4 Pillars Of Our Emotional Intelligence in Psychology and Science

What would be the first thing that will pop into your mind if someone said the word “Intelligence”? It is highly likely that you will immediately start to think of math, logic, or even science. This is because we have been tuned to focus sharply on the analytical component of intelligence. You would have hardly called someone “intelligent” in your life who were not good at things like math and logic. Ever since the years of pre-school, we have been taught that the primary criteria of defining intelligence is via a person’s analytical skills. However, as per psychology, there is another side to intelligence; a side that is just as important or perhaps even more important on certain occasions. This component of intelligence is called “Emotional Intelligence”.

The concept of “Emotional Quotient” represents that logic is not the only perspective with which different problems can be seen. More often than, emotions are considered as the opposite of thinking. In reality, however, emotions can only be defined as an alternate perspective. The world-renowned scientist, Charles Darwin, stated in his “Theory of Evolution” that the origin of emotions can be tracked to the evolution of the human brain. For instance, with evolution, our brain developed a novel experience of a negative emotion called “fear”. It was because of this emotion that our forefathers were able to recognize the environment that was threatening for their survival.

This signifies that emotions are a valuable tool for the process of decision making in our day to day lives. It gives us an alternate perspective of the things which broadens our view and enables us to make an informed decision. Therefore, it is just as important to focus on improving your emotional quotient (EQ) as it is to strengthen your intelligence quotient (IQ) if you are looking forward to leading a balanced life. However, you can’t work on your emotional intelligence unless you are familiar with what does it entail. Taking this into consideration, we have highlighted the four conspicuous pillars of emotional intelligence to enhance your understanding of the EQ.

  1. Being Aware Of Your Emotions

The first component of your emotional intelligence is the awareness about your own emotions. Remember that almost all of your emotions have two primary ingredients. The psychological component of your emotion is confined to your attitude, the thoughts which run through your mind when you are experiencing the emotion or your beliefs. The physical component, on the other hand, is the sensation that runs through your body as you experience the emotion. For example, if you are excited, you could have thought of an imminent joyous event in your mind that translates into a bodily sensation of a ticklish feeling in your stomach.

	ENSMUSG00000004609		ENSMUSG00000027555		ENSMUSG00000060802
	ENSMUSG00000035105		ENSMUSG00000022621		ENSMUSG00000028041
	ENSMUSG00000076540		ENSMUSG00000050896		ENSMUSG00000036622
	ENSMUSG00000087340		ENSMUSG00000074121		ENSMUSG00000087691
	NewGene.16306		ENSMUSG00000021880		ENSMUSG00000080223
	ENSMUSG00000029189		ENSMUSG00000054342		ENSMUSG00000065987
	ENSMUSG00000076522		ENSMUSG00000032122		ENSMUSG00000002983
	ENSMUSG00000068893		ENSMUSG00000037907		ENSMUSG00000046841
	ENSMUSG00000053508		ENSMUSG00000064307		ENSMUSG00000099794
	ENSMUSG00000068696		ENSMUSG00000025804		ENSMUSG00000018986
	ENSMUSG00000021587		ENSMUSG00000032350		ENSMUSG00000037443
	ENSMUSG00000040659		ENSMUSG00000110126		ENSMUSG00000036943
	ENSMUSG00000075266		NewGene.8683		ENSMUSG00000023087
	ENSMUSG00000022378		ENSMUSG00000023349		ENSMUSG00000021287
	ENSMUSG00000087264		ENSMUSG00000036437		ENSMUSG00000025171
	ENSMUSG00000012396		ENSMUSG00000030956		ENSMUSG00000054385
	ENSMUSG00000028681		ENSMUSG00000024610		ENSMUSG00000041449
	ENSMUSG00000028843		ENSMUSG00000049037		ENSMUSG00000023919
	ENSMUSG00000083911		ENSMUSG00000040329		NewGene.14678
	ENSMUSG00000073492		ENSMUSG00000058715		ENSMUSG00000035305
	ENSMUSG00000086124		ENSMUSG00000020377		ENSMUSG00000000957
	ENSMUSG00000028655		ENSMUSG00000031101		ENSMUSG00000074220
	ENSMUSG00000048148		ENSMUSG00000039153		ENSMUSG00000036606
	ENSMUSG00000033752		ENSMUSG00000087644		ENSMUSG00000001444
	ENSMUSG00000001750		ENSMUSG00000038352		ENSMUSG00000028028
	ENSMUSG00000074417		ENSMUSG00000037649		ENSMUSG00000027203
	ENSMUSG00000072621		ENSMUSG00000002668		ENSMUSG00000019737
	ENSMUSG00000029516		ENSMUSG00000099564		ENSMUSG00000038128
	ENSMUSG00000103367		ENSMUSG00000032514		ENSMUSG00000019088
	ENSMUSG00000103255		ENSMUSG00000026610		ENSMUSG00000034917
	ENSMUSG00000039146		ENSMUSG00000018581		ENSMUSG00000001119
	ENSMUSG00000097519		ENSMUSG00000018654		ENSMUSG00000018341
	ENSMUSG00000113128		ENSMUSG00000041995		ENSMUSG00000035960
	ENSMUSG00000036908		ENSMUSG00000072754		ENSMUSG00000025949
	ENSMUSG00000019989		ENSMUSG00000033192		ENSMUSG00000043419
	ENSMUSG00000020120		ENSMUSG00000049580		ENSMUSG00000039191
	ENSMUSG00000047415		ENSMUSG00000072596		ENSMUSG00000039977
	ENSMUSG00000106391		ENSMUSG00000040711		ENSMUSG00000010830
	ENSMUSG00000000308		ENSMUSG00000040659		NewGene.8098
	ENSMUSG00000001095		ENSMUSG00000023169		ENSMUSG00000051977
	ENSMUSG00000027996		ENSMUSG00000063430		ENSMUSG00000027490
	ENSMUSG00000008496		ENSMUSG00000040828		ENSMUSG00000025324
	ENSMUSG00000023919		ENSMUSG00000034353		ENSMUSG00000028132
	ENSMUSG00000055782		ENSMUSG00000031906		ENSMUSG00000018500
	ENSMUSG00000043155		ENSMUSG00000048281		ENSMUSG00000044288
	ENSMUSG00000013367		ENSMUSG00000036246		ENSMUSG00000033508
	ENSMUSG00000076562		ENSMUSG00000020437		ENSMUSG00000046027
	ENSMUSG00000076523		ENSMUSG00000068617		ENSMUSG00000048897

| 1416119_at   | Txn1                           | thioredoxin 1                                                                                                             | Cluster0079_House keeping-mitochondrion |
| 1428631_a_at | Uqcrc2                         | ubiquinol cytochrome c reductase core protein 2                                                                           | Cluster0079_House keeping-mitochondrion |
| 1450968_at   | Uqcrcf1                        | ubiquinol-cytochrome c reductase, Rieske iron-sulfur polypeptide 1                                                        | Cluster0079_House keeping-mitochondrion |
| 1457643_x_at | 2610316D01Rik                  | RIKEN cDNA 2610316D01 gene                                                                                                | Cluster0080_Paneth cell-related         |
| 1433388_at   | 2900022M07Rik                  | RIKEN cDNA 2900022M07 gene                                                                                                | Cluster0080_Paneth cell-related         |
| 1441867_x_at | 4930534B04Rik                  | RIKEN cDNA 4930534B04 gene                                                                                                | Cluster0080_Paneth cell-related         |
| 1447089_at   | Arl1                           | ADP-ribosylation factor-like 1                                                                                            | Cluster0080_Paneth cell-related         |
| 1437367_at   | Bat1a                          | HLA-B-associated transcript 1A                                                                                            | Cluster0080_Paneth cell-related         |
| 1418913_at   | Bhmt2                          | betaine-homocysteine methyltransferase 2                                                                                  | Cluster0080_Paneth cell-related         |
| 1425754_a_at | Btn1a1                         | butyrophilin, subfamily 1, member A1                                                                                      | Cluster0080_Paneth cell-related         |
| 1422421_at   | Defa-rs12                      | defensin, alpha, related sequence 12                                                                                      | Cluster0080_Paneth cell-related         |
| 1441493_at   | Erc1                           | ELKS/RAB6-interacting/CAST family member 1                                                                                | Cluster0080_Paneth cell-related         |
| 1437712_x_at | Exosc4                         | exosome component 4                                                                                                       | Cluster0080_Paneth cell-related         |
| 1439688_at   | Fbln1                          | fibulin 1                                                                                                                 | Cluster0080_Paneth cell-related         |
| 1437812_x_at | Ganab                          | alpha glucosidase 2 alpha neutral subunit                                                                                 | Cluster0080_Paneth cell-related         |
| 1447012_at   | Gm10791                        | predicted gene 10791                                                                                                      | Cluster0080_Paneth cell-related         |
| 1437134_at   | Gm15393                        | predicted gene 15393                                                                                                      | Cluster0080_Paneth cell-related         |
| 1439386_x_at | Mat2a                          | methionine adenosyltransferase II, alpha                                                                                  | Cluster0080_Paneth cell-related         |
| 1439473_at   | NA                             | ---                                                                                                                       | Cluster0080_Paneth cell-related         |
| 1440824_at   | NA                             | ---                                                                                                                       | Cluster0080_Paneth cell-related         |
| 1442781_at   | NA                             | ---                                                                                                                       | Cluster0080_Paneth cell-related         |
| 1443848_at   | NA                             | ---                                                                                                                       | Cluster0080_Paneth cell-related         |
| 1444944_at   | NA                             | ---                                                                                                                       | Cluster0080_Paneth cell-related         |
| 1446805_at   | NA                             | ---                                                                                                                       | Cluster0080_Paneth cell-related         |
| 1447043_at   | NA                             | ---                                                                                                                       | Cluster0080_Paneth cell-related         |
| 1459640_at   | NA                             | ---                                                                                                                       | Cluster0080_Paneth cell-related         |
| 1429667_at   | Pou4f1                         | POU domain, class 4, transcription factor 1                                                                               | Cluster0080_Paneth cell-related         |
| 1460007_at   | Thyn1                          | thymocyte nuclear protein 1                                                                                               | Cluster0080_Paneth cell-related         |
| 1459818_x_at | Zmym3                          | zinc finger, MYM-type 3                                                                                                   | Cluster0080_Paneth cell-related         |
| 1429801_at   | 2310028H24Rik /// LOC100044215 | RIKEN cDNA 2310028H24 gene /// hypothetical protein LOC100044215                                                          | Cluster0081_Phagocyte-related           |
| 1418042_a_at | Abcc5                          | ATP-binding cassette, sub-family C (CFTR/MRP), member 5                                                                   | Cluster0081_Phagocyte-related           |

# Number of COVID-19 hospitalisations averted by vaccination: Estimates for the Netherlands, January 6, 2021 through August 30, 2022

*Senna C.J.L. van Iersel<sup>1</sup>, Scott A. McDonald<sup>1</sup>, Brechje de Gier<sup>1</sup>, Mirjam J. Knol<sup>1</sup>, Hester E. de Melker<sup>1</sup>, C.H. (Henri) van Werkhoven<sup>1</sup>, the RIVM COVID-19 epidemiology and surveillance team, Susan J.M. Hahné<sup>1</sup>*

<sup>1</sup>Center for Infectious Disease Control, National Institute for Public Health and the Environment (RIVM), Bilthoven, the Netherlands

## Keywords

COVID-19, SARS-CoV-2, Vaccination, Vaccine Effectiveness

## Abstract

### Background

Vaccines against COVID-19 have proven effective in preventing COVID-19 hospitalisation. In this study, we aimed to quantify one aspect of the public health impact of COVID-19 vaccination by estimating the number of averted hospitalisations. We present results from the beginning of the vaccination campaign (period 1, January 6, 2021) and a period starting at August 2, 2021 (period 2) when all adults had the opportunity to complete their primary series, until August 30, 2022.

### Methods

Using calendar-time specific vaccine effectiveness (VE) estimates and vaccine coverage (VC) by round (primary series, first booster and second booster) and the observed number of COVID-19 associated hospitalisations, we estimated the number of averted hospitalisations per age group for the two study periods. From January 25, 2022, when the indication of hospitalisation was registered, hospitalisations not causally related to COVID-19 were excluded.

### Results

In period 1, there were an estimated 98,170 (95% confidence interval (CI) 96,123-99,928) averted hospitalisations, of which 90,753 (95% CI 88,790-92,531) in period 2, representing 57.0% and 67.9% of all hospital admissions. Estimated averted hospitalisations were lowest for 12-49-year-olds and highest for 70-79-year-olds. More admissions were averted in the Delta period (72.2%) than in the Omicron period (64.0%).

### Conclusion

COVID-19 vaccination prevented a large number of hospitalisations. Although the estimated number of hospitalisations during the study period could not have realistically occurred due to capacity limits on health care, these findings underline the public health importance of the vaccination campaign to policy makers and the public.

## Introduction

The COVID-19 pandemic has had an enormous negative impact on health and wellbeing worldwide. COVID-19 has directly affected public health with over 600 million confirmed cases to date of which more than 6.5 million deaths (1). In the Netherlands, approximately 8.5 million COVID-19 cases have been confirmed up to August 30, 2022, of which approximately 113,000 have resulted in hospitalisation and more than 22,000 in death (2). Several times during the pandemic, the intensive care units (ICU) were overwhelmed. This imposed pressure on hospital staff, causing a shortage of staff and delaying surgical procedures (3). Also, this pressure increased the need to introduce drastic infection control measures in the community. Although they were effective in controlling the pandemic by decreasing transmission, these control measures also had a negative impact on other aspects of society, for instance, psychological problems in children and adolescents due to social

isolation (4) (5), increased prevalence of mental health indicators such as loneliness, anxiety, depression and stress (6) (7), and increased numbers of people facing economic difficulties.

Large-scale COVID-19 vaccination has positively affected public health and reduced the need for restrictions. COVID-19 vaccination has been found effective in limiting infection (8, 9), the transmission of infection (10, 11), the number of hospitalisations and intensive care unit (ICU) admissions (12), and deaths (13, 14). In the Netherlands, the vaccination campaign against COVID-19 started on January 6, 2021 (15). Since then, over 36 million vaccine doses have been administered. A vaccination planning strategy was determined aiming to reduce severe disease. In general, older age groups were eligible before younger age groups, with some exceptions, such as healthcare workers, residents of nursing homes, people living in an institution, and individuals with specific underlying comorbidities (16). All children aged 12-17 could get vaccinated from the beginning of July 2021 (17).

More often than not, putting a label to the emotion that you are experiencing is more than sufficient for its effective management. Reflecting on your emotion and observing the associated thoughts and sensations is a fine practice for a better understanding of your emotions. It enables you to see essentially how does your brain function? The familiarity with what you are feeling, the thoughts in your mind, and the physical sensations that are accompanied by them is the component of your emotional intelligence. For the purpose of improving your EQ, therefore, you need to master the art of understanding your emotions.

  1. Managing Your Emotions

The second pillar of your emotional intelligence is the skill to effectively manage and respond to your emotions. You can think of it as a multiple choice question. You have been told that none of the answers are wrong, but you are required to choose the most suitable answer. How do you determine the one response that is the most suitable, you ask? This selection is primarily dependent on the situation. For instance, if you are giving a presentation to your potential clients and they are failing to understand your point, it is likely that you would be confronted with the emotion of frustration, annoyance, or even anger. But responding to this emotion by yelling at your clients can only be construed as inappropriate for the situation.

There are multiple strategies which can be used for